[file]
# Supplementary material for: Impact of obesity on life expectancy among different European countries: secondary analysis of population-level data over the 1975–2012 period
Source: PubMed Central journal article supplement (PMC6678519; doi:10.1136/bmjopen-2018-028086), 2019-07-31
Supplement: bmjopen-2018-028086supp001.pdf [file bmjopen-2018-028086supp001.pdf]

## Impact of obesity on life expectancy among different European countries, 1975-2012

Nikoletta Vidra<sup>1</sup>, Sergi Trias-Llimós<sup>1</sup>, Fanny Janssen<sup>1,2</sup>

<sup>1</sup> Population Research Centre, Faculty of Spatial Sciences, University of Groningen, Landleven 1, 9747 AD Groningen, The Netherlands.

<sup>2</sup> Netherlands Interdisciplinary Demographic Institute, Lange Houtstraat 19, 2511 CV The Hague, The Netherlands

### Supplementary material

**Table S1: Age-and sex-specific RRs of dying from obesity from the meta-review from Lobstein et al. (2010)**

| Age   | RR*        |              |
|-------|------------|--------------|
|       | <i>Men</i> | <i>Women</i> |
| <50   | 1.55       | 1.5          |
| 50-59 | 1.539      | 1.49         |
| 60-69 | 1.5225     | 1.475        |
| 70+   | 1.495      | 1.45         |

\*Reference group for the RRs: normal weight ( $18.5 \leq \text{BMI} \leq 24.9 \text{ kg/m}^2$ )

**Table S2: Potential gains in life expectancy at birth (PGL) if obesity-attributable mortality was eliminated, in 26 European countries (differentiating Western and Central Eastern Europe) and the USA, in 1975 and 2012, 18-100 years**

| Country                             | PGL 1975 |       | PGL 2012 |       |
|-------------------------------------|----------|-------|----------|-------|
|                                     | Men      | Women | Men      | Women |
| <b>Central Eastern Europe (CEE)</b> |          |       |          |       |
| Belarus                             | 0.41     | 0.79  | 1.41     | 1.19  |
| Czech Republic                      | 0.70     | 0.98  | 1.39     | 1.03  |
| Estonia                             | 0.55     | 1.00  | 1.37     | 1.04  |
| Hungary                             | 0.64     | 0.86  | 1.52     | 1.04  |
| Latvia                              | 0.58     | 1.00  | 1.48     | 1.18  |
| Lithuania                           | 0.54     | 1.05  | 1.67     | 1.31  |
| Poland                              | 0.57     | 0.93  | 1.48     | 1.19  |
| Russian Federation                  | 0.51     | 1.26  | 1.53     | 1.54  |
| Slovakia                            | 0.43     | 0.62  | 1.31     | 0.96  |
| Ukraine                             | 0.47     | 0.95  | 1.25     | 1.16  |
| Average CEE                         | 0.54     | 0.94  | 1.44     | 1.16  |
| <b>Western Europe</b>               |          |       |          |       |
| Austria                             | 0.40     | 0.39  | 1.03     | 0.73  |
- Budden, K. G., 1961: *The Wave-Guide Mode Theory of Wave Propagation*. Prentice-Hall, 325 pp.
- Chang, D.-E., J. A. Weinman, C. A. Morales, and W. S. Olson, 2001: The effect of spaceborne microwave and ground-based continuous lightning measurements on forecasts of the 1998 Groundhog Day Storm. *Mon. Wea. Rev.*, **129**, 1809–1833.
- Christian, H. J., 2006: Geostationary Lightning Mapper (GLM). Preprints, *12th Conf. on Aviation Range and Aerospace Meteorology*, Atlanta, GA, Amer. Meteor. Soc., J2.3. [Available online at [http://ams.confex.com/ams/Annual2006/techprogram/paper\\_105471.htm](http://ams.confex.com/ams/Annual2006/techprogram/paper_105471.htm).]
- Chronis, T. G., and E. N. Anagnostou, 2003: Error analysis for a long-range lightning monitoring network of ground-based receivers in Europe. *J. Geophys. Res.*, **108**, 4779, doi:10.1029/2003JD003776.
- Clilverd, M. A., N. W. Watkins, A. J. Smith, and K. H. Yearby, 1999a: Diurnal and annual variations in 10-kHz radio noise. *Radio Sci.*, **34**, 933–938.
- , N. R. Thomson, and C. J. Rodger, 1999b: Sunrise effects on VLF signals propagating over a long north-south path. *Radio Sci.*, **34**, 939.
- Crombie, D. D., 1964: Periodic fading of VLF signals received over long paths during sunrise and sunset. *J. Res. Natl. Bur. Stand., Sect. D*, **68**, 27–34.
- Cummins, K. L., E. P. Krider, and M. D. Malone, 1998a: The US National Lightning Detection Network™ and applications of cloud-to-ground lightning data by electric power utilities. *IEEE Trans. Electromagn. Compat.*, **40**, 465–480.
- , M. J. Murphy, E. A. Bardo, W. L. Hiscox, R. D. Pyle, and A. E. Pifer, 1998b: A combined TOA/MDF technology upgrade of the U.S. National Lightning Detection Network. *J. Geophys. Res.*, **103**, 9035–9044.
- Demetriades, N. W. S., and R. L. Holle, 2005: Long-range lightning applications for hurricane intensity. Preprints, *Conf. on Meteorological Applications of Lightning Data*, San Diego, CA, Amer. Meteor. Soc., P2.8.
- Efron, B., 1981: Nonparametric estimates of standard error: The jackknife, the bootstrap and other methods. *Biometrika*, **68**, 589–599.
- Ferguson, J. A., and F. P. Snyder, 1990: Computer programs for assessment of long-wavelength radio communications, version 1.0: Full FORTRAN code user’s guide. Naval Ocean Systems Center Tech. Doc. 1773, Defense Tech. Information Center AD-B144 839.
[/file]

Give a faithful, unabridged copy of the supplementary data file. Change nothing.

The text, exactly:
# Supplementary material for: Impact of obesity on life expectancy among different European countries: secondary analysis of population-level data over the 1975–2012 period
Source: PubMed Central journal article supplement (PMC6678519; doi:10.1136/bmjopen-2018-028086), 2019-07-31
Supplement: bmjopen-2018-028086supp001.pdf [file bmjopen-2018-028086supp001.pdf]

## Impact of obesity on life expectancy among different European countries, 1975-2012

Nikoletta Vidra<sup>1</sup>, Sergi Trias-Llimós<sup>1</sup>, Fanny Janssen<sup>1,2</sup>

<sup>1</sup> Population Research Centre, Faculty of Spatial Sciences, University of Groningen, Landleven 1, 9747 AD Groningen, The Netherlands.

<sup>2</sup> Netherlands Interdisciplinary Demographic Institute, Lange Houtstraat 19, 2511 CV The Hague, The Netherlands

### Supplementary material

**Table S1: Age-and sex-specific RRs of dying from obesity from the meta-review from Lobstein et al. (2010)**

| Age   | RR*        |              |
|-------|------------|--------------|
|       | <i>Men</i> | <i>Women</i> |
| <50   | 1.55       | 1.5          |
| 50-59 | 1.539      | 1.49         |
| 60-69 | 1.5225     | 1.475        |
| 70+   | 1.495      | 1.45         |

\*Reference group for the RRs: normal weight ( $18.5 \leq \text{BMI} \leq 24.9 \text{ kg/m}^2$ )

**Table S2: Potential gains in life expectancy at birth (PGL) if obesity-attributable mortality was eliminated, in 26 European countries (differentiating Western and Central Eastern Europe) and the USA, in 1975 and 2012, 18-100 years**

| Country                             | PGL 1975 |       | PGL 2012 |       |
|-------------------------------------|----------|-------|----------|-------|
|                                     | Men      | Women | Men      | Women |
| <b>Central Eastern Europe (CEE)</b> |          |       |          |       |
| Belarus                             | 0.41     | 0.79  | 1.41     | 1.19  |
| Czech Republic                      | 0.70     | 0.98  | 1.39     | 1.03  |
| Estonia                             | 0.55     | 1.00  | 1.37     | 1.04  |
| Hungary                             | 0.64     | 0.86  | 1.52     | 1.04  |
| Latvia                              | 0.58     | 1.00  | 1.48     | 1.18  |
| Lithuania                           | 0.54     | 1.05  | 1.67     | 1.31  |
| Poland                              | 0.57     | 0.93  | 1.48     | 1.19  |
| Russian Federation                  | 0.51     | 1.26  | 1.53     | 1.54  |
| Slovakia                            | 0.43     | 0.62  | 1.31     | 0.96  |
| Ukraine                             | 0.47     | 0.95  | 1.25     | 1.16  |
| Average CEE                         | 0.54     | 0.94  | 1.44     | 1.16  |
| <b>Western Europe</b>               |          |       |          |       |
| Austria                             | 0.40     | 0.39  | 1.03     | 0.73  |
- Budden, K. G., 1961: *The Wave-Guide Mode Theory of Wave Propagation*. Prentice-Hall, 325 pp.
- Chang, D.-E., J. A. Weinman, C. A. Morales, and W. S. Olson, 2001: The effect of spaceborne microwave and ground-based continuous lightning measurements on forecasts of the 1998 Groundhog Day Storm. *Mon. Wea. Rev.*, **129**, 1809–1833.
- Christian, H. J., 2006: Geostationary Lightning Mapper (GLM). Preprints, *12th Conf. on Aviation Range and Aerospace Meteorology*, Atlanta, GA, Amer. Meteor. Soc., J2.3. [Available online at [http://ams.confex.com/ams/Annual2006/techprogram/paper\\_105471.htm](http://ams.confex.com/ams/Annual2006/techprogram/paper_105471.htm).]
- Chronis, T. G., and E. N. Anagnostou, 2003: Error analysis for a long-range lightning monitoring network of ground-based receivers in Europe. *J. Geophys. Res.*, **108**, 4779, doi:10.1029/2003JD003776.
- Clilverd, M. A., N. W. Watkins, A. J. Smith, and K. H. Yearby, 1999a: Diurnal and annual variations in 10-kHz radio noise. *Radio Sci.*, **34**, 933–938.
- , N. R. Thomson, and C. J. Rodger, 1999b: Sunrise effects on VLF signals propagating over a long north-south path. *Radio Sci.*, **34**, 939.
- Crombie, D. D., 1964: Periodic fading of VLF signals received over long paths during sunrise and sunset. *J. Res. Natl. Bur. Stand., Sect. D*, **68**, 27–34.
- Cummins, K. L., E. P. Krider, and M. D. Malone, 1998a: The US National Lightning Detection Network™ and applications of cloud-to-ground lightning data by electric power utilities. *IEEE Trans. Electromagn. Compat.*, **40**, 465–480.
- , M. J. Murphy, E. A. Bardo, W. L. Hiscox, R. D. Pyle, and A. E. Pifer, 1998b: A combined TOA/MDF technology upgrade of the U.S. National Lightning Detection Network. *J. Geophys. Res.*, **103**, 9035–9044.
- Demetriades, N. W. S., and R. L. Holle, 2005: Long-range lightning applications for hurricane intensity. Preprints, *Conf. on Meteorological Applications of Lightning Data*, San Diego, CA, Amer. Meteor. Soc., P2.8.
- Efron, B., 1981: Nonparametric estimates of standard error: The jackknife, the bootstrap and other methods. *Biometrika*, **68**, 589–599.
- Ferguson, J. A., and F. P. Snyder, 1990: Computer programs for assessment of long-wavelength radio communications, version 1.0: Full FORTRAN code user’s guide. Naval Ocean Systems Center Tech. Doc. 1773, Defense Tech. Information Center AD-B144 839.